October 5, 2004: Judge stops Bronx water project

1005 Bronx Water Treatment PlantOctober 5, 2004New York Times headline–Judge Stops Bronx Water Project. “A State Supreme Court justice, William A. Wetzel, has temporarily stopped the city from beginning to build a $1.3 billion water filtration plant in Van Cortlandt Park in the Bronx. Last week, the City Council cleared the project, despite neighborhood protests that the plant would ruin parkland and disrupt a quiet neighborhood for years; on Friday, the judge issued the restraining order which had been sought by a civic group, Friends of Van Cortlandt Park. The group said that the city had failed to comply with zoning laws.” Commentary: No one said that building a new water treatment plant would be easy. Of course, this delay was not significant and construction of the Croton Water Treatment Plant proceeded.

Here is an update on the plant:

Current Croton Water Filtration Plant Progress (updated for October 5, 2015)

By some reports, the plant is online, but I cannot find an announcement or press release from NYC DEP that states that fact. Here is the latest news item I found.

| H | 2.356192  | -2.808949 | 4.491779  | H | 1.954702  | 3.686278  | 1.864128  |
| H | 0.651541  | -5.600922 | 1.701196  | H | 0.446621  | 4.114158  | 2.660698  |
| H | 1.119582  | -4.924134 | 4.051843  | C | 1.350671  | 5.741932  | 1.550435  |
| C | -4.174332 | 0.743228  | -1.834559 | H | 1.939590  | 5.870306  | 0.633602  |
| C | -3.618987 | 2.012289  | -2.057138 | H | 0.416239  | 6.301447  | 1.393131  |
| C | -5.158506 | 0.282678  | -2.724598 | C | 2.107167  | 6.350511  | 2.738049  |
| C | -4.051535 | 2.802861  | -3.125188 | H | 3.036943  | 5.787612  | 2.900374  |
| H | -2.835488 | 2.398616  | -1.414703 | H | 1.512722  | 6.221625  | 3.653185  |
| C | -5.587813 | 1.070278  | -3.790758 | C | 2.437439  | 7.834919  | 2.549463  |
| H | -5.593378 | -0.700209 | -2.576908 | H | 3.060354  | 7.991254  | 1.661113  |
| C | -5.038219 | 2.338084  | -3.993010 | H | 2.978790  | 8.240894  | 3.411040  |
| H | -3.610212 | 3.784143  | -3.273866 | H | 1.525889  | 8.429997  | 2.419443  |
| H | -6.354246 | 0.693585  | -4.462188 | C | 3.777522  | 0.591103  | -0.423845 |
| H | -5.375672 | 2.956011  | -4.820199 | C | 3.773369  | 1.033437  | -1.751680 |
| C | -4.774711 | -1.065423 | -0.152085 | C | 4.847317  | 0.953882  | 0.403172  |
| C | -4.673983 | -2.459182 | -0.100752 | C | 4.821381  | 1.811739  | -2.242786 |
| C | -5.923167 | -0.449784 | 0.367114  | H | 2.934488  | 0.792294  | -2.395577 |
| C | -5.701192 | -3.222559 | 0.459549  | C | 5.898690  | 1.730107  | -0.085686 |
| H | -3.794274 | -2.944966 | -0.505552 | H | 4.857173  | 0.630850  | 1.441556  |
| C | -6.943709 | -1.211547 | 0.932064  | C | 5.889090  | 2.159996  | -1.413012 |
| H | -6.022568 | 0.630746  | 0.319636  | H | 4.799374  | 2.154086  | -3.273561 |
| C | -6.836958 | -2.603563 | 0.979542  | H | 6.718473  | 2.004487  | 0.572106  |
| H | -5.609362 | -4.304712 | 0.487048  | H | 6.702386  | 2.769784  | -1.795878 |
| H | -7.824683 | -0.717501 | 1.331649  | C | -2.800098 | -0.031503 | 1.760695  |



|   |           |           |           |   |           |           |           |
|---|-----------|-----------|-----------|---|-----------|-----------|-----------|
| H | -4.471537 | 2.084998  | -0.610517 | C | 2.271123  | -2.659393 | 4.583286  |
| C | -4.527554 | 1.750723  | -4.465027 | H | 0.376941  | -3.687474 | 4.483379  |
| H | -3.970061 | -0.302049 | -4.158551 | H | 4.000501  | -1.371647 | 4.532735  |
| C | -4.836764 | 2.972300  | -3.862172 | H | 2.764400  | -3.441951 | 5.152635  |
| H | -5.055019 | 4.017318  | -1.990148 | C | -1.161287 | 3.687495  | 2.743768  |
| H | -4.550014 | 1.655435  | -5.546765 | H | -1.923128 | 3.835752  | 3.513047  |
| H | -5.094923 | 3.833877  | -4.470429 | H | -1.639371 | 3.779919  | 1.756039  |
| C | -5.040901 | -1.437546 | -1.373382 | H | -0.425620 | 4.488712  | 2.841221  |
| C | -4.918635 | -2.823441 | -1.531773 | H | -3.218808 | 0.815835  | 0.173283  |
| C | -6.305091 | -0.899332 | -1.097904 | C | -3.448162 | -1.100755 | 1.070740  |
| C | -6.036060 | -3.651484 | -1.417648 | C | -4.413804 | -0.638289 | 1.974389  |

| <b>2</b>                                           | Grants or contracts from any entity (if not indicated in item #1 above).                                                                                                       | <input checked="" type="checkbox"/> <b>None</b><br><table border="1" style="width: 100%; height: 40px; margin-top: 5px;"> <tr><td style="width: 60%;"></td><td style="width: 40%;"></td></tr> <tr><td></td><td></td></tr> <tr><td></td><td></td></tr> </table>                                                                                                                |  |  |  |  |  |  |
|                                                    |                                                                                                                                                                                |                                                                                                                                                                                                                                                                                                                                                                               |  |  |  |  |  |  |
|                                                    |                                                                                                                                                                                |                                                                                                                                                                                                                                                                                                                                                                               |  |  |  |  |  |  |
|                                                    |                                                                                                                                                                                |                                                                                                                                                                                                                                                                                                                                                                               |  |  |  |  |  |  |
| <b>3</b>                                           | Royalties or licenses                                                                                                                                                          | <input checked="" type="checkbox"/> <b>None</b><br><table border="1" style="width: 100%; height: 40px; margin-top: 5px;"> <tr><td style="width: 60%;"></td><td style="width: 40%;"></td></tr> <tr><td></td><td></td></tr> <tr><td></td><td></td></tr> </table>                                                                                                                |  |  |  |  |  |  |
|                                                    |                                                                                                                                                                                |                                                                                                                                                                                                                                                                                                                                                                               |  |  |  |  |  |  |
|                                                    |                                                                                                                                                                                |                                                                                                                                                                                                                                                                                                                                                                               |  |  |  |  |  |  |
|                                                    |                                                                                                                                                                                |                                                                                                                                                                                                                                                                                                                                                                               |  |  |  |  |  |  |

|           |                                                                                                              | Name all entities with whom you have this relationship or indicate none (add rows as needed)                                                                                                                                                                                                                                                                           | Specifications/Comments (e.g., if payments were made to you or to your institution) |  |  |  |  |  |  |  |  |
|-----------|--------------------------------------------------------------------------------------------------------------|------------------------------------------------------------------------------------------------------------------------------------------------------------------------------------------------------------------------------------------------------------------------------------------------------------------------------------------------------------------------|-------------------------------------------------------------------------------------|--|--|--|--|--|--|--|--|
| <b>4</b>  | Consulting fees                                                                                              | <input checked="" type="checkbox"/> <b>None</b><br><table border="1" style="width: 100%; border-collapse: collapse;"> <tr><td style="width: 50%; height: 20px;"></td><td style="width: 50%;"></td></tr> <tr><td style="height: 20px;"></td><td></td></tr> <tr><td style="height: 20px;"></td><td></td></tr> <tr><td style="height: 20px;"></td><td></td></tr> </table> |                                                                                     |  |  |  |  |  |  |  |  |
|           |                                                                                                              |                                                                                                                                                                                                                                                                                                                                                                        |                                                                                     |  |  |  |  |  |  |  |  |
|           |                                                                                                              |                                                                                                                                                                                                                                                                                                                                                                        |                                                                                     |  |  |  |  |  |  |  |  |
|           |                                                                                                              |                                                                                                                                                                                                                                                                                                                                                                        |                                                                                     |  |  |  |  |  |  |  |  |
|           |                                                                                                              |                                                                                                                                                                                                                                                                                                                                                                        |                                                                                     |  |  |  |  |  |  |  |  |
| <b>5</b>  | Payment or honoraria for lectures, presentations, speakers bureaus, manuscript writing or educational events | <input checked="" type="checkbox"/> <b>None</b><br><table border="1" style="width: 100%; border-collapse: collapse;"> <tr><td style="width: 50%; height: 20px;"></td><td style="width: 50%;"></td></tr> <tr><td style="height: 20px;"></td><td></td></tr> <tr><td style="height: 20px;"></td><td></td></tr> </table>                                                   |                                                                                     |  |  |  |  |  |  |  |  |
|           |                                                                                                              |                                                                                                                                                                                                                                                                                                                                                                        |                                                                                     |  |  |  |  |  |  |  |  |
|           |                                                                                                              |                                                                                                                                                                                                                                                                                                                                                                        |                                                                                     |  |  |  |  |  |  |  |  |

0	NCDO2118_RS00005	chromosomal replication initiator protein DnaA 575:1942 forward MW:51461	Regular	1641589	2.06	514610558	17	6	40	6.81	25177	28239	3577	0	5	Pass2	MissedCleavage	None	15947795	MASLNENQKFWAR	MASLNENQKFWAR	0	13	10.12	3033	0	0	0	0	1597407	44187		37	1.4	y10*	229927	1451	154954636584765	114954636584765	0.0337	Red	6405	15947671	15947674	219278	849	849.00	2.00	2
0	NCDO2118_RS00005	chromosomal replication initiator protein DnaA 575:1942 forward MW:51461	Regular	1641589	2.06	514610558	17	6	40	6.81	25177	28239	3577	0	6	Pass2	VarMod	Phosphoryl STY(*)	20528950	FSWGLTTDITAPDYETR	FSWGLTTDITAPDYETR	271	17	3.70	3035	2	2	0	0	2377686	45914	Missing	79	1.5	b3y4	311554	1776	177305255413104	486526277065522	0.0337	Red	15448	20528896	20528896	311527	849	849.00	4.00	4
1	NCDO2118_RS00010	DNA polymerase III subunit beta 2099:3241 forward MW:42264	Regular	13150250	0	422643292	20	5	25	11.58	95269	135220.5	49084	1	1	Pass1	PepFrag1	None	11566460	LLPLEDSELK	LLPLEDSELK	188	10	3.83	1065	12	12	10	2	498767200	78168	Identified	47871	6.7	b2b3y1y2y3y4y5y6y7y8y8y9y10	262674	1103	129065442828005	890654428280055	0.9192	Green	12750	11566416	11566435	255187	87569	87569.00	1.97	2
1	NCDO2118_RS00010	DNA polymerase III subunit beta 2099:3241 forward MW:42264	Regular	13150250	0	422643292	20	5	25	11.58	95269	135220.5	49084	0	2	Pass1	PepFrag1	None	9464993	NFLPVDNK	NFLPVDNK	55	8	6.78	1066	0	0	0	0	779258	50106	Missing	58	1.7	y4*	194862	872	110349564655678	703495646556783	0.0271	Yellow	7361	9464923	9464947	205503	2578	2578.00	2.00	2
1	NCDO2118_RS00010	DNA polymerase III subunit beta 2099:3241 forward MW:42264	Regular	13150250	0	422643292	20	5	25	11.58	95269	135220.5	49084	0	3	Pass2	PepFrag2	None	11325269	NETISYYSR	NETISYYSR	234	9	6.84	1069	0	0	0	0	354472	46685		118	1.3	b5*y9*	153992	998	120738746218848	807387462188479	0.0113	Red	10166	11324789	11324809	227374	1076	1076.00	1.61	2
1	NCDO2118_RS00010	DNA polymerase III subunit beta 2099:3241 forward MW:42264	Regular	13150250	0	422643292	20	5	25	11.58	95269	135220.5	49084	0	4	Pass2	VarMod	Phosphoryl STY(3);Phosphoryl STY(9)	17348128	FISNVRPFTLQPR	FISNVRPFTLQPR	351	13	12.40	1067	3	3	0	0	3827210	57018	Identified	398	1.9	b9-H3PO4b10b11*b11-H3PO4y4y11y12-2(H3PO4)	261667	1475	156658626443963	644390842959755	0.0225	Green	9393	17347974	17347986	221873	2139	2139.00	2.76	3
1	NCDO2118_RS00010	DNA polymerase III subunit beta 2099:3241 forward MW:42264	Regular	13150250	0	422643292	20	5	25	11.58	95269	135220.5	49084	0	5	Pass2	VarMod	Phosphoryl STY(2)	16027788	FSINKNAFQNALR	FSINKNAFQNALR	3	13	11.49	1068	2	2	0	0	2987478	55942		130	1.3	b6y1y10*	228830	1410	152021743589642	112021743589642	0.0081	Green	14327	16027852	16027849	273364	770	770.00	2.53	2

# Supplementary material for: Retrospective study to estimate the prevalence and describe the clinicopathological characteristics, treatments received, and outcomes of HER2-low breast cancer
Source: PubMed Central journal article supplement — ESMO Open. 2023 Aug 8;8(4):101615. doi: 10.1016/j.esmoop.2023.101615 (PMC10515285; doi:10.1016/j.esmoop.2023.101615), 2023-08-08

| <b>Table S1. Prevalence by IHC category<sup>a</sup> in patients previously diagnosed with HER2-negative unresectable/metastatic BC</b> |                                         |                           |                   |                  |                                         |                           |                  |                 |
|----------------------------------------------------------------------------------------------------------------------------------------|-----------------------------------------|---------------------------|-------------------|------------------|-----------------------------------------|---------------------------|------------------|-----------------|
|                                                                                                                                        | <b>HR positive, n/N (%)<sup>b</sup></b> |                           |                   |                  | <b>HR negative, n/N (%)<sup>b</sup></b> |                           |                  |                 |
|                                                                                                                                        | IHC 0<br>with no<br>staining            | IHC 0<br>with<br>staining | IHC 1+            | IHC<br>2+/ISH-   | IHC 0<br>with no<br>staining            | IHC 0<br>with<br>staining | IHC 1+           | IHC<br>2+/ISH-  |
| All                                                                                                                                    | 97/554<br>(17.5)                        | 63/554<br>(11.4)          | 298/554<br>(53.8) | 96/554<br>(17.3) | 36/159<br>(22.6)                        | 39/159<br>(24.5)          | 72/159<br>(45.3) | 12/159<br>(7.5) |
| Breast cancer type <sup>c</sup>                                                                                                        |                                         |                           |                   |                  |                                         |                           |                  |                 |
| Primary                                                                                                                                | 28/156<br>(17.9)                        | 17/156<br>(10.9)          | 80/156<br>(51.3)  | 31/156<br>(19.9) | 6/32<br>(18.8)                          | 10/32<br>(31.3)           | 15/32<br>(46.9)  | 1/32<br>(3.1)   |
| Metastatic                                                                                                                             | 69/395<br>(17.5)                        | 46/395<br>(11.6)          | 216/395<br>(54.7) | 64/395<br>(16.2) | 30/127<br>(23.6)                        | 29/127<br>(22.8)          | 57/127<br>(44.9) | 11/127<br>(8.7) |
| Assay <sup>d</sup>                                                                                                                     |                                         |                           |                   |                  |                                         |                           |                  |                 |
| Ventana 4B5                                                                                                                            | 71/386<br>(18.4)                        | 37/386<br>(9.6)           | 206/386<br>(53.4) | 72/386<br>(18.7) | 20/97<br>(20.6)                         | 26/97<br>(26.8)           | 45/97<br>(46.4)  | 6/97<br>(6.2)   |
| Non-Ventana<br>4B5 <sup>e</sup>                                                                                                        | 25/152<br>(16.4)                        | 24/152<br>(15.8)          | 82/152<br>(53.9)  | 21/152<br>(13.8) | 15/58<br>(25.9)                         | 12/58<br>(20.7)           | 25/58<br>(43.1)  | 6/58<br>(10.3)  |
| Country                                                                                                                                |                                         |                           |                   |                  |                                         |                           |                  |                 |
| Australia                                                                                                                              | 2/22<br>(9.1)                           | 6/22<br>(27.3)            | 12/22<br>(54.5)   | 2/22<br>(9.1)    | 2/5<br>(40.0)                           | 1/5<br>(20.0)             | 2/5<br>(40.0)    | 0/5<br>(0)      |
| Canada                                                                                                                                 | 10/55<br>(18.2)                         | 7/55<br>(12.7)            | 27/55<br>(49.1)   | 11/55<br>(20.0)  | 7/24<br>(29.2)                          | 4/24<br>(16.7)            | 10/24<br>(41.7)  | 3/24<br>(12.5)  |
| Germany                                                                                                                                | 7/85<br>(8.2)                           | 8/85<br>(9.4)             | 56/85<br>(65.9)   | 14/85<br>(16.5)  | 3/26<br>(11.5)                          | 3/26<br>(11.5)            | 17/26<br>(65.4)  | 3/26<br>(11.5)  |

New York Times “As a Plant Nears Completion, Croton Water Flows Again to New York City, May 8, 2015, Water from the Croton watershed — historically the cradle of New York’s supply — began flowing to taps on Thursday for the first time in seven years, officials announced, as one of the largest construction projects in the city’s modern history neared completion.

The $3.2 billion Croton Water Filtration Plant is hidden under a golf driving range at Van Cortlandt Park in the Bronx, inside an excavated area big enough to hold Yankee Stadium. It can treat as much as 290 million gallons of water a day, Emily Lloyd, the commissioner of the Department of Environmental Protection, said. That is about one-third of total daily citywide demand.

More typically, the plant will supply about 100 million gallons of water a day to the western edges of Manhattan and low-lying areas of the Bronx, which it can reach by gravity. The rest of the city’s supply comes from the Catskill-Delaware watershed, west of the Hudson River. Because that watershed is far more rural and tightly controlled, its water is not filtered.”


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